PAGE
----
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This question already has an answer here:

Show that the number of bijections $f$ of $\{1, 2,..., n\}$ such that $f(i) \ne i$ for any $i$ is equal to $$\sum_{j=0}^{n}(-1)^j\frac{n!}{j!}.$$

Can I get some help for the above problem? I am not getting it at all.

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marked as duplicate by Marc van Leeuwen, Carl Mummert, user147263, Johanna, Jack D'Aurizio Feb 22 '15 at 15:48

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Hint: Use the principle of inclusion-exclusion with conditions $c_i: f(i) = i$ to find the number of bijections with at least one fixed point. Then subtract this number from the number of all bijections to get the result.

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Such bijections are called derangements. The Week $2$ homework Counting Derangements here gives one approach, using an inclusion-exclusion argument, while still leaving most of the details to you. (It also has four sets of answers by different people.) You can find full derivations, using a variety of techniques, in any number of books, including Graham, Knuth, & Patashnik, Concrete Mathematics, Miklós Bóna, Introduction to Enumerative Combinatorics, and Wilf, generatingfunctionology; the last is freely available here.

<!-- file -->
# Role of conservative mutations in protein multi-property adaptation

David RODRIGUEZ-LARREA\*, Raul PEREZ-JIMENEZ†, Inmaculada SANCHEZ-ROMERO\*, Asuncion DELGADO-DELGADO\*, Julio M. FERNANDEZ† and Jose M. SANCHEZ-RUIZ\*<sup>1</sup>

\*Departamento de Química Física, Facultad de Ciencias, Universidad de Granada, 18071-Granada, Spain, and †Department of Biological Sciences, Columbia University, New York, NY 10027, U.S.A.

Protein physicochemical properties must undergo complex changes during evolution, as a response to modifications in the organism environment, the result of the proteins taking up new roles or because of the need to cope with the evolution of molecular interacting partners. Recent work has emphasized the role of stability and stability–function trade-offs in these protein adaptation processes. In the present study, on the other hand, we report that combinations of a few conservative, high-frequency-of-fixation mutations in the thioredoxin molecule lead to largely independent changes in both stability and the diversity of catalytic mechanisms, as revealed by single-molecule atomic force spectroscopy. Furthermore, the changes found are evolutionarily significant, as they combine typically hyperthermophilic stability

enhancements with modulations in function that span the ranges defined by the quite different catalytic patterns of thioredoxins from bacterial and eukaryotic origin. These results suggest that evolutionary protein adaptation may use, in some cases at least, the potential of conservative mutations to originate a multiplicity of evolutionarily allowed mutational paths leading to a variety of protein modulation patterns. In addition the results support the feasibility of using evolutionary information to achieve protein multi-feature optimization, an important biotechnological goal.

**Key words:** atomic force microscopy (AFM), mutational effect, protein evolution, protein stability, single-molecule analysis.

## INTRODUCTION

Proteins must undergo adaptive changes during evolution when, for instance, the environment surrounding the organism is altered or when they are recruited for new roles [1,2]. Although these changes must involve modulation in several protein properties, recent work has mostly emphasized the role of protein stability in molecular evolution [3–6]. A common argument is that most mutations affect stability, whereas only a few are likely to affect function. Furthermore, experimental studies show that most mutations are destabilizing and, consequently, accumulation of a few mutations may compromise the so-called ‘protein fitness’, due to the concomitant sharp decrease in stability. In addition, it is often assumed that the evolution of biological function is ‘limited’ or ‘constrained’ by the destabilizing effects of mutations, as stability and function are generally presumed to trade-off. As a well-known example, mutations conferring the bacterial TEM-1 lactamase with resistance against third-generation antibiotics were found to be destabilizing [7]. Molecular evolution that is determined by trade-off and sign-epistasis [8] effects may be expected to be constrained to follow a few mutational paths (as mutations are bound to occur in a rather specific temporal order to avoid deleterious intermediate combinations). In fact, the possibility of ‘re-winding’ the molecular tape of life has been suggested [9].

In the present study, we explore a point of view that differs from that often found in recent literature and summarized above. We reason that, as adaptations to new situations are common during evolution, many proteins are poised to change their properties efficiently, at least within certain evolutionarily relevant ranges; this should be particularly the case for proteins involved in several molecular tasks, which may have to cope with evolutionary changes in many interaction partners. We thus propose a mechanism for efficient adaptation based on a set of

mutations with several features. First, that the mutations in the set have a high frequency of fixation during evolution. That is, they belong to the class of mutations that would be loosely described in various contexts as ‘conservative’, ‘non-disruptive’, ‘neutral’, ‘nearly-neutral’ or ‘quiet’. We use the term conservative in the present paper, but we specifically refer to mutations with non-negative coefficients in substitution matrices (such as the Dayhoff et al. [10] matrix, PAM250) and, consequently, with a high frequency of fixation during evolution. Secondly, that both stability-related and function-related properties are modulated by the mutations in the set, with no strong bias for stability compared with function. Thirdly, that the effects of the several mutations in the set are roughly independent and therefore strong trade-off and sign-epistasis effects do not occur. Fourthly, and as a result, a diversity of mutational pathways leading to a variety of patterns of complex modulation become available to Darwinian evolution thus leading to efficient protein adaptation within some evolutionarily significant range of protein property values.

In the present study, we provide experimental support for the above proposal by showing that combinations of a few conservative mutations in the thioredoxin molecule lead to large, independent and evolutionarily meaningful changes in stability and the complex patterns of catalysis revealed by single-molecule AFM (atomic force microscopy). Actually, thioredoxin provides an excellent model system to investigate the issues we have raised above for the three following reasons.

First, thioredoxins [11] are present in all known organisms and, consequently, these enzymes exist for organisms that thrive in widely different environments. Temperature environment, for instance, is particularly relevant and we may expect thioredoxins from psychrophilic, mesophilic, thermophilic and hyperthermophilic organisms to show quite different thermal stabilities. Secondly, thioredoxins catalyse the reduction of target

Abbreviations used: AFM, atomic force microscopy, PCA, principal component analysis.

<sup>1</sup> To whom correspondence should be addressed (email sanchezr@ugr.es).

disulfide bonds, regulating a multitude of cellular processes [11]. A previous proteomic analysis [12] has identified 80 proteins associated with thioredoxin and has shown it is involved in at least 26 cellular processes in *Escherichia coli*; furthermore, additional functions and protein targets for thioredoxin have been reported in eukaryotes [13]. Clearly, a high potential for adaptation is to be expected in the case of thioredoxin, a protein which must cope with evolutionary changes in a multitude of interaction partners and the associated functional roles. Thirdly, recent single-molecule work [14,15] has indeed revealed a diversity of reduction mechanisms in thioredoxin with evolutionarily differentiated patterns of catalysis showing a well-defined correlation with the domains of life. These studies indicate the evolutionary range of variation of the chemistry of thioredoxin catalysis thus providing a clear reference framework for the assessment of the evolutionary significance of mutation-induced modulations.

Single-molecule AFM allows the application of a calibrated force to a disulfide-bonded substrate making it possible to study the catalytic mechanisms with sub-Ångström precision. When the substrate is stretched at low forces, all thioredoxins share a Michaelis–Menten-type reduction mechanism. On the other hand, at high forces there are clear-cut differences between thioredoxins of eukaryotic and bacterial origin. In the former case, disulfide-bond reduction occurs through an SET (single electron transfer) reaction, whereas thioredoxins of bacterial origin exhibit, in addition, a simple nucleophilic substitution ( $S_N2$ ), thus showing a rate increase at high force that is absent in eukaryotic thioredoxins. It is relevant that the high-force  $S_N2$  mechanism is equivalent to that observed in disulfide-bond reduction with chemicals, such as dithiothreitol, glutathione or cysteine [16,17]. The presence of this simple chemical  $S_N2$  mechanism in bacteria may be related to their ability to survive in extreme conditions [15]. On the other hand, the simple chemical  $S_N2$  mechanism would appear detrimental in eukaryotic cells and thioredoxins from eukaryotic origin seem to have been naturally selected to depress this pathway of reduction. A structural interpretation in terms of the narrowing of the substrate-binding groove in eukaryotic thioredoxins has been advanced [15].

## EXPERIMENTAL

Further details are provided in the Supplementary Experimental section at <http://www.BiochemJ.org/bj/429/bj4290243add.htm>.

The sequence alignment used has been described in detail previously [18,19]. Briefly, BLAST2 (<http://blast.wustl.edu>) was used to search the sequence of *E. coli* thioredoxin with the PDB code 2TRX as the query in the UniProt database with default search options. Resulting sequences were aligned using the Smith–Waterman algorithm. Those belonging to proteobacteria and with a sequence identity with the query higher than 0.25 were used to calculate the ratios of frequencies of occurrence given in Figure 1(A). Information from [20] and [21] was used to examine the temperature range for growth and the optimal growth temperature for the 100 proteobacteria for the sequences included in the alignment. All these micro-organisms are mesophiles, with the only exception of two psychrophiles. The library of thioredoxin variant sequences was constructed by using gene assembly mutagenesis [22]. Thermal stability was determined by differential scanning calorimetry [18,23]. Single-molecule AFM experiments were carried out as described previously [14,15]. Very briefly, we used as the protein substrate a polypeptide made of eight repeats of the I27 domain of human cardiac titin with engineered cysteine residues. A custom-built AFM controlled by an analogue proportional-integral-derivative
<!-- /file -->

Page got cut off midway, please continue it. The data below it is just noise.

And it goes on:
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A nice derivation starts with considering a permutation with exactly $k$ fixed points in $n$, there are $\dbinom{n}{k} D_{n - k}$ of those. In all there are $n!$ permutations. This gives the recurrence: $$ n! = \sum_{0 \le k \le n} \binom{n}{k} D_{n - k} $$ Define the exponential generating function: $$ \widehat{D}(z) = \sum_{n \ge 0} D_n \frac{z^n}{n!} $$ The recurrence is the binomial convolution of 1 and $D_n$, so: $$ \frac{1}{1 - z} = e^z \widehat{D}(z) $$ Thus: $$ \widehat{D}(z) = \frac{e^{-z}}{1 - z} $$ From this, as multipling by $(1 - z)^{-1}$ gives partial sums of coefficients: $$ \frac{D_n}{n!} = \sum_{0 \le k \le n} \frac{(-1)^k}{k!} $$

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